2020 United States Postal Service crisis

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The 2020-2021 United States Postal Service crisis is a series of events that have caused backlogs and delays in the delivery of mail by the United States Postal Service (USPS). The crisis stems primarily from changes implemented by Postmaster General Louis DeJoy shortly after taking office in June 2020.[1][2][3] The delays have had substantial legal, political, economic, and health repercussions.[1][2][4]

There is controversy and speculation about whether the delays are unintended consequences of restructuring operations, or if they were intentionally created for political and/or financial gain. DeJoy has supported and donated to former President Donald Trump, who has publicly linked his opposition to emergency funding for the Postal Service to his desire to restrict voting by mail in the 2020 elections.[5][6]

On August 18, 2020, under heavy political and legal pressure, DeJoy announced that he would be "suspending" the policy changes until after the November 2020 election.[7] He testified to the Senate on August 21, and to the House of Representatives on August 24, concerning the changes and their effects.[1]

Background[edit]

The USPS has had a history of budget deficits dating back to a 2006 law requiring it to prepay retiree health benefits 75 years in advance, a provision to which no other government agency or private corporation is subject.[8] This law, the Postal Accountability and Enhancement Act, was passed during a lame-duck session, and shepherded through the Senate by Senator Susan Collins of Maine.[9] According to Tom Davis (the bill's sponsor), the Bush administration threatened to veto the legislation unless they added the provision regarding funding the employee benefits in advance with the objective of using that money to reduce the federal deficit.[10] The agency's struggles were compounded by the financial crisis of 2007–2008 and subsequent recession, which caused overall mail volume to fall by one-third, and again by the COVID-19 pandemic and its economic effects.[8]

Changes[edit]

Businessman and Trump campaign megadonor[11] Louis DeJoy was sworn in as postmaster general on June 15, 2020; he is the first person since 1992 to assume the position without any prior experience in the United States Postal Service.[12]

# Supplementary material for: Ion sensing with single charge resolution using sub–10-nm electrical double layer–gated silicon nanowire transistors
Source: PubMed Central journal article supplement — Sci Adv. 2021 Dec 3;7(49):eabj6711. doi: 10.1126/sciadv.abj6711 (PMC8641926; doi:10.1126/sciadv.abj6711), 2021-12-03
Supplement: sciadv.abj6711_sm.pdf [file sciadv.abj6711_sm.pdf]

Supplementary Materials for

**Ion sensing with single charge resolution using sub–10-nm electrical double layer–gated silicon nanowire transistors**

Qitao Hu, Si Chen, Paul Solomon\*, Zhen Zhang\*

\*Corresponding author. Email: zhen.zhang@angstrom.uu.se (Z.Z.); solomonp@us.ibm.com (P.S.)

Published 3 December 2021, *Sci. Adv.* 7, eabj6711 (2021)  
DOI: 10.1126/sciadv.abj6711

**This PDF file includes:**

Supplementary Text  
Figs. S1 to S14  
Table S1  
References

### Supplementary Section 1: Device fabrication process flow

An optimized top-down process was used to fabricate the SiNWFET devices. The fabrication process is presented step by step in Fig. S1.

Upon taking office DeJoy immediately began taking measures to reduce costs, such as banning the use of overtime and extra trips to deliver mail.[2][13][14] After criticism, DeJoy admitted that these measures were causing delays in mail delivery, but said they would eventually improve service.[15] DeJoy also reorganized USPS leadership and staffing.[16] The changes were described in a memo DeJoy released on August 7, 2020.[17]

Hundreds of high-speed mail sorting machines were dismantled and removed from postal facilities,[18] raising concerns that mailed ballots for the November 3 election might not reach election offices on time.[19] It was later explained that such machines are taken offline every year in response to diminishing volumes of letter mail, and that 671 of the machines (about 10 percent of the total) in 49 states had been slated for removal this year, 618 of them by August 1.[20] After DeJoy's announcement that he would suspend his changes, the Postal Service's director of maintenance instructed employees that "they are not to reconnect/reinstall machines that have previously been disconnected without approval from HQ Maintenance, no matter what direction they are getting from their plant manager."[20]

Mail collection boxes were removed from the streets in many cities. However, the Postal Service has been removing mail collection boxes as a cost-cutting measure for years — between 1985 and 2011, the number of mail collection boxes was reduced by 60% — so it remains unclear if the removals are connected to DeJoy's changes.[21] After photos of boxes being removed were spread on social media, a Postal Service spokesman said they were being moved to higher-traffic areas but that the removals would stop until after the election.[22]

On August 18, after weeks of heavy criticism and the day after lawsuits against the Postal Service and DeJoy personally were filed in federal court by several individuals,[23] DeJoy announced that he would suspend all the changes until after the November election, "to avoid even the appearance of any impact on election mail."[24] He said he would reinstate overtime hours, roll back service reductions, and halt the removal of mail sorting machines and collection boxes.[25] However, 95 percent of the mail sorting machines that were planned for removal had already been removed,[26] and in testimony to the Senate, DeJoy expressed that he had no intention of replacing them.[27]

Legal issues[edit]